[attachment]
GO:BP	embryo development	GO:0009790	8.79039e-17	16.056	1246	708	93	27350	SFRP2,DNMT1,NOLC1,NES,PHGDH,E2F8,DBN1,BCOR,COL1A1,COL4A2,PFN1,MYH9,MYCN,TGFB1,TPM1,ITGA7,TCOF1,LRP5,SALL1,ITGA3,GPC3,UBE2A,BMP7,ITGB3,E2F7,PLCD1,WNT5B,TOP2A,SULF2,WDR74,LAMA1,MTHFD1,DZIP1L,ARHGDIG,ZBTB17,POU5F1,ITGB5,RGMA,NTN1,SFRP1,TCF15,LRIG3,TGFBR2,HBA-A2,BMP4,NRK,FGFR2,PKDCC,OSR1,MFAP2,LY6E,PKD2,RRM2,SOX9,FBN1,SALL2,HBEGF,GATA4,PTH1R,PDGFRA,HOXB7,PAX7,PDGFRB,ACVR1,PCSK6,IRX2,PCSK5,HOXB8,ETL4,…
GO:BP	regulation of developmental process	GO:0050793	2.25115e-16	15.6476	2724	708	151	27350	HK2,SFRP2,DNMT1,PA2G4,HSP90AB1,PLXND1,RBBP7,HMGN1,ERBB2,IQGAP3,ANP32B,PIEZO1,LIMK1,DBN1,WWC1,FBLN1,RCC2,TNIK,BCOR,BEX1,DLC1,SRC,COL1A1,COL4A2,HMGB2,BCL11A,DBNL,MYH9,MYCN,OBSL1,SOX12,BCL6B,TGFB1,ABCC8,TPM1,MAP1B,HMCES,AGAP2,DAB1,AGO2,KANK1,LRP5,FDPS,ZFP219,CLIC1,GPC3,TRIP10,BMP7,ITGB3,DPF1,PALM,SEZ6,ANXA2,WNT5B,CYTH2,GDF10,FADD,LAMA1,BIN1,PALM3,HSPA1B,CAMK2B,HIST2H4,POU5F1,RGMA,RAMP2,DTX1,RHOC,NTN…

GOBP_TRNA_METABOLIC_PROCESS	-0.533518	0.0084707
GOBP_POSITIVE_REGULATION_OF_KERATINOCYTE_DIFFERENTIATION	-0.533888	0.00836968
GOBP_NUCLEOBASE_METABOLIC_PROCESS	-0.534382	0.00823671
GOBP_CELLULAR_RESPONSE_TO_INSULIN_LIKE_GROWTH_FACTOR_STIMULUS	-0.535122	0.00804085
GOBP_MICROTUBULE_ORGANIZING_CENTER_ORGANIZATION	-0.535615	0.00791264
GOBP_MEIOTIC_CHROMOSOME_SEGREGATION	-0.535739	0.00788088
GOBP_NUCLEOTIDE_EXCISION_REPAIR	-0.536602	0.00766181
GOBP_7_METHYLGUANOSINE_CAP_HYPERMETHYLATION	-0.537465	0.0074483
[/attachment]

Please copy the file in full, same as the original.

GO:BP	embryo development	GO:0009790	8.79039e-17	16.056	1246	708	93	27350	SFRP2,DNMT1,NOLC1,NES,PHGDH,E2F8,DBN1,BCOR,COL1A1,COL4A2,PFN1,MYH9,MYCN,TGFB1,TPM1,ITGA7,TCOF1,LRP5,SALL1,ITGA3,GPC3,UBE2A,BMP7,ITGB3,E2F7,PLCD1,WNT5B,TOP2A,SULF2,WDR74,LAMA1,MTHFD1,DZIP1L,ARHGDIG,ZBTB17,POU5F1,ITGB5,RGMA,NTN1,SFRP1,TCF15,LRIG3,TGFBR2,HBA-A2,BMP4,NRK,FGFR2,PKDCC,OSR1,MFAP2,LY6E,PKD2,RRM2,SOX9,FBN1,SALL2,HBEGF,GATA4,PTH1R,PDGFRA,HOXB7,PAX7,PDGFRB,ACVR1,PCSK6,IRX2,PCSK5,HOXB8,ETL4,…
GO:BP	regulation of developmental process	GO:0050793	2.25115e-16	15.6476	2724	708	151	27350	HK2,SFRP2,DNMT1,PA2G4,HSP90AB1,PLXND1,RBBP7,HMGN1,ERBB2,IQGAP3,ANP32B,PIEZO1,LIMK1,DBN1,WWC1,FBLN1,RCC2,TNIK,BCOR,BEX1,DLC1,SRC,COL1A1,COL4A2,HMGB2,BCL11A,DBNL,MYH9,MYCN,OBSL1,SOX12,BCL6B,TGFB1,ABCC8,TPM1,MAP1B,HMCES,AGAP2,DAB1,AGO2,KANK1,LRP5,FDPS,ZFP219,CLIC1,GPC3,TRIP10,BMP7,ITGB3,DPF1,PALM,SEZ6,ANXA2,WNT5B,CYTH2,GDF10,FADD,LAMA1,BIN1,PALM3,HSPA1B,CAMK2B,HIST2H4,POU5F1,RGMA,RAMP2,DTX1,RHOC,NTN…

GOBP_TRNA_METABOLIC_PROCESS	-0.533518	0.0084707
GOBP_POSITIVE_REGULATION_OF_KERATINOCYTE_DIFFERENTIATION	-0.533888	0.00836968
GOBP_NUCLEOBASE_METABOLIC_PROCESS	-0.534382	0.00823671
GOBP_CELLULAR_RESPONSE_TO_INSULIN_LIKE_GROWTH_FACTOR_STIMULUS	-0.535122	0.00804085
GOBP_MICROTUBULE_ORGANIZING_CENTER_ORGANIZATION	-0.535615	0.00791264
GOBP_MEIOTIC_CHROMOSOME_SEGREGATION	-0.535739	0.00788088
GOBP_NUCLEOTIDE_EXCISION_REPAIR	-0.536602	0.00766181
GOBP_7_METHYLGUANOSINE_CAP_HYPERMETHYLATION	-0.537465	0.0074483